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From the field

The Israeli government has adopted an official policy of harming the innocent

Update: On 2 July 2014 the military demolished the rented apartment in which the two Palestinians charged with killing Baruch Mizrahi lived with their family. The demolition was approved by the HCJ. The blast completely destroyed the apartment and damaged the wall it shared with another apartment in the building, which is home to the family of the brother one of the two suspects, Ziad ‘Awawdeh. As a result of the demolition six people, including four children, lost their home.

The intention to demolish the family home of the two Palestinians charged with the killing of Baruch Mizrahi means adopting an official policy of harming the innocent, stated Israeli human rights NGO B'Tselem. The two suspects will be tried for the attack, and are expected to be sentenced to long periods of detention. Their family members, who are not suspected of any offence, are the ones who will suffer the loss of their home: 13 people are currently living in the house, including 8 children.

Years ago, the army concluded that punitive home demolitions are not an effective measure to deter attacks against Israelis, and there are even indications that they achieve the opposite effect. It seems therefore that the motives are reaping revenge and politically capitalizing on the current public mood in Israel, in light of the abduction. This draconian measure was not utilized for almost ten years, except for one case in 2009:

Boy trying to recover items from his home, demolished as a punitive measure in Bethlehem. Photo: Magnus Johansson, Reuters, 15 June 2004
Boy trying to recover items from his home, demolished as a punitive measure in Bethlehem. Photo: Magnus Johansson, Reuters, 15 June 2004

Background on the Demolition of Houses as Punishment

On 17 February 2005, the minister of defense announced that the procedure would no longer be used. In the period between October 2001 (when Israel began once again to demolish homes as a means of punishment in the Occupied Territories, after four years in which it had not used this measure) and the end of January 2005, Israel demolished 664 houses as punishment.

Despite this decision, in 2009, Israel demolished one housing unit in East Jerusalem and sealed two. In January 2009, two housing units were sealed in East Jerusalem, as a result of which 24 persons lost their home. In April 2009, one housing unit was demolished in East Jerusalem, and four people lost their home.

Since 1967, Israel has implemented a policy of demolishing and sealing houses in the West Bank and Gaza Strip as a punitive measure against the Palestinian population. The scope of punitive house demolitions has varied over the years (in the four-year period 1998-2001, it was not used), in part because most Palestinians were living in areas in which governing powers had been transferred to the Palestinian Authority, and the IDF did not enter those areas. In October 2001, during IDF actions in Area A in the West Bank, Israel renewed its policy of punitive house demolitions.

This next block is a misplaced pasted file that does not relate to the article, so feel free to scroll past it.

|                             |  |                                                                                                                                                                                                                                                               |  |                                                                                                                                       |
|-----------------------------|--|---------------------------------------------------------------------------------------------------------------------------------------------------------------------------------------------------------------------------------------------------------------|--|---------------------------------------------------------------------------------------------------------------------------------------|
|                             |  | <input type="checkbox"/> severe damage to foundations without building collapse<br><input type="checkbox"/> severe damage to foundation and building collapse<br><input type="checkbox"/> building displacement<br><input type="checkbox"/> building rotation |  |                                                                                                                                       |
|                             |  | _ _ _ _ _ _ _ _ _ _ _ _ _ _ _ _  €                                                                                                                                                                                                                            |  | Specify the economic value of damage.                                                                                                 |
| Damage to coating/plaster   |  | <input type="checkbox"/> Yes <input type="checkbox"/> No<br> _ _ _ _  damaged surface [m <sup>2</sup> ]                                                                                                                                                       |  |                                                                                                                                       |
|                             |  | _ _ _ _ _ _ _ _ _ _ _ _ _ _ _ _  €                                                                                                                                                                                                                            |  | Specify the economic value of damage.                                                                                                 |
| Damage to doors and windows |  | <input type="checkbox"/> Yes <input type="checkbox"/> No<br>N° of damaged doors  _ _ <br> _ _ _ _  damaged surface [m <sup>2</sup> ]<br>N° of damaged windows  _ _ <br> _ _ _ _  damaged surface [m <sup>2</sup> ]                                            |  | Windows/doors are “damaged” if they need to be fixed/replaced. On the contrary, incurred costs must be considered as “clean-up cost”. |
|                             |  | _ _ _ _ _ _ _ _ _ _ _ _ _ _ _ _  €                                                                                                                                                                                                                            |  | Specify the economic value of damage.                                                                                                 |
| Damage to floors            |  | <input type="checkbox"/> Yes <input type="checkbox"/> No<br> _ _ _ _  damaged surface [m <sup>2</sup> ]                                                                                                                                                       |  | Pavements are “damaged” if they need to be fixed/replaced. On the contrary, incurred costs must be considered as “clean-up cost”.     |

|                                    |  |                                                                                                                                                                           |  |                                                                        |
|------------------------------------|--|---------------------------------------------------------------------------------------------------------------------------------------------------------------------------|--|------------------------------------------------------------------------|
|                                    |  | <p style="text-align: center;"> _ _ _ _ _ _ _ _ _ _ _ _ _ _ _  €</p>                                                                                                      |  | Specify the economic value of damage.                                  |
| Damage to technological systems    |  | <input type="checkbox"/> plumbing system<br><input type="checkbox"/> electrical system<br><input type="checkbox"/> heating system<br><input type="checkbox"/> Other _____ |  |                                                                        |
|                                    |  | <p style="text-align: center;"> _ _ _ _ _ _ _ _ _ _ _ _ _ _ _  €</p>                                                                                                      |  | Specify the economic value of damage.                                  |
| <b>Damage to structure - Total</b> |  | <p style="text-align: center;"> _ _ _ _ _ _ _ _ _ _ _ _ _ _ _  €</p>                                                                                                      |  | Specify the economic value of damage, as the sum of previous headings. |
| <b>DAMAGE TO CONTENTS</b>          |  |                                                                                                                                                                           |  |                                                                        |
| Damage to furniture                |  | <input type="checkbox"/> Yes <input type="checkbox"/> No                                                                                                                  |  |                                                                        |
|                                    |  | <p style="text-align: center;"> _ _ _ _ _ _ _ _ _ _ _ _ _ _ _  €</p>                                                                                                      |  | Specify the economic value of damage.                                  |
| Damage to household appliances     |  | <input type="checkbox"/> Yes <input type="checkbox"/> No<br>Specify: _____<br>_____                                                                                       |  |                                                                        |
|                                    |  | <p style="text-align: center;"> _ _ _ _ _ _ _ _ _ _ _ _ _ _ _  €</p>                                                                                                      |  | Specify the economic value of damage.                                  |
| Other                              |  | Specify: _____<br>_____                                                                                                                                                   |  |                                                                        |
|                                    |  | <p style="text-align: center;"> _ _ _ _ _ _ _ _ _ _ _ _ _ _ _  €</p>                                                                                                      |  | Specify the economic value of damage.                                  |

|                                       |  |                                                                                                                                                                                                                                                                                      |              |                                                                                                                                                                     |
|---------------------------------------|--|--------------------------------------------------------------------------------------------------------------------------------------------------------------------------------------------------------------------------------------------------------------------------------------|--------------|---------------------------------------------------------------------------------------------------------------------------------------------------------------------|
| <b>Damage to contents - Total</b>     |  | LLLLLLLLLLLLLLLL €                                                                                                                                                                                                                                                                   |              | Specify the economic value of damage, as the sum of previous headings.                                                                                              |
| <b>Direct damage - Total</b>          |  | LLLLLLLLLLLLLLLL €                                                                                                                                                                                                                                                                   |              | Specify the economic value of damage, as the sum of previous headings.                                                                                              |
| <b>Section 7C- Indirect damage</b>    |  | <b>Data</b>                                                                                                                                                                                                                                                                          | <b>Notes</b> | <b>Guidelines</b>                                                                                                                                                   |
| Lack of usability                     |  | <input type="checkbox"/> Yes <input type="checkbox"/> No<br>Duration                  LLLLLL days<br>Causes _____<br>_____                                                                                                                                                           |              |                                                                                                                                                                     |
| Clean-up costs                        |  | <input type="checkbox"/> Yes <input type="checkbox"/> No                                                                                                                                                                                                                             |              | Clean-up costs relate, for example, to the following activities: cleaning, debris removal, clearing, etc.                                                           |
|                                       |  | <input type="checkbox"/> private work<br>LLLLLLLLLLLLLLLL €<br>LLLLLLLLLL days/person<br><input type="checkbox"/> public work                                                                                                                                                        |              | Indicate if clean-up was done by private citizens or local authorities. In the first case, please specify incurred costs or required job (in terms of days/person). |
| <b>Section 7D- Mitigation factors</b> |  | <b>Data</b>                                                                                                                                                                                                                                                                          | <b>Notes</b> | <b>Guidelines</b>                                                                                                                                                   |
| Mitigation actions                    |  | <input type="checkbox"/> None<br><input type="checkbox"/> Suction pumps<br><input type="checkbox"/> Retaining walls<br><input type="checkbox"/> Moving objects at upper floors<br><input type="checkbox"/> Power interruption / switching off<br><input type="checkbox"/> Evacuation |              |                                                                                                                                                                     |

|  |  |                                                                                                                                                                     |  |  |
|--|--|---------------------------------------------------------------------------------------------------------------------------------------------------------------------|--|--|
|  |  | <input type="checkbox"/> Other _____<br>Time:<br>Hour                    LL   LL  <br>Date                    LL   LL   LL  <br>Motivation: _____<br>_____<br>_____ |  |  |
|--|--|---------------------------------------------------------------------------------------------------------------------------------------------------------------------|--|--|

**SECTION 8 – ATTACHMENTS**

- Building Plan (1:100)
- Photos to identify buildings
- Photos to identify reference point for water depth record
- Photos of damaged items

The declared objective of house demolitions was deterrence, achieved by harming the relatives of Palestinians who carried out, or were suspected of involvement in carrying out, attacks against Israeli citizens and soldiers. Indeed, the main victims of the demolitions were family members, among them women, the elderly, and children, who bore no responsibility for the acts of their relative and were not suspected of involvement in any offense. In the vast majority of house demolitions, the person because of whom the house was demolished no longer lived in the house, either because he was “wanted” by Israel and was in hiding, or because he was being held by Israel and was awaiting a long prison sentence, or because he had been killed by security forces or in the attack he carried out. Israel tried to give the impression that it destroys only homes of Palestinians who were directly involved in attacks that caused many Israeli civilian casualties. In practice, the IDF also demolished homes of Palestinians who were involved in any kind of violent actions against Israelis, from suicide attacks that caused many casualties, to failed attempts against soldiers' lives. Also, not only did Israel demolish houses of persons suspected of carrying out attacks or of attempting to carry out attacks, it also demolished the house of Palestinians suspected of planning, dispatching, or assisting in the commission of attacks.

It should be mentioned that the deterrent effect of house demolitions has never been proven. In his book on the first intifada, Brigadier General Ariyeh Shalev examined the effect of house demolitions on the scope of violence. He found that the number of violent events did not diminish following house demolitions, and at times even rose. Similar findings were reached in an internal IDF report on house demolitions during the al-Aqsa intifada. In their book The Seventh War, journalists Amos Harel and Avi Isacharoff reported that the IDF report stated there was no proof of the deterrent effect of house demolitions, and that the number of attacks even rose a few months after implementation of the policy began. However, regardless of the deterrent effect, B'Tselem believes that the effectiveness of a particular measure does not make it legal.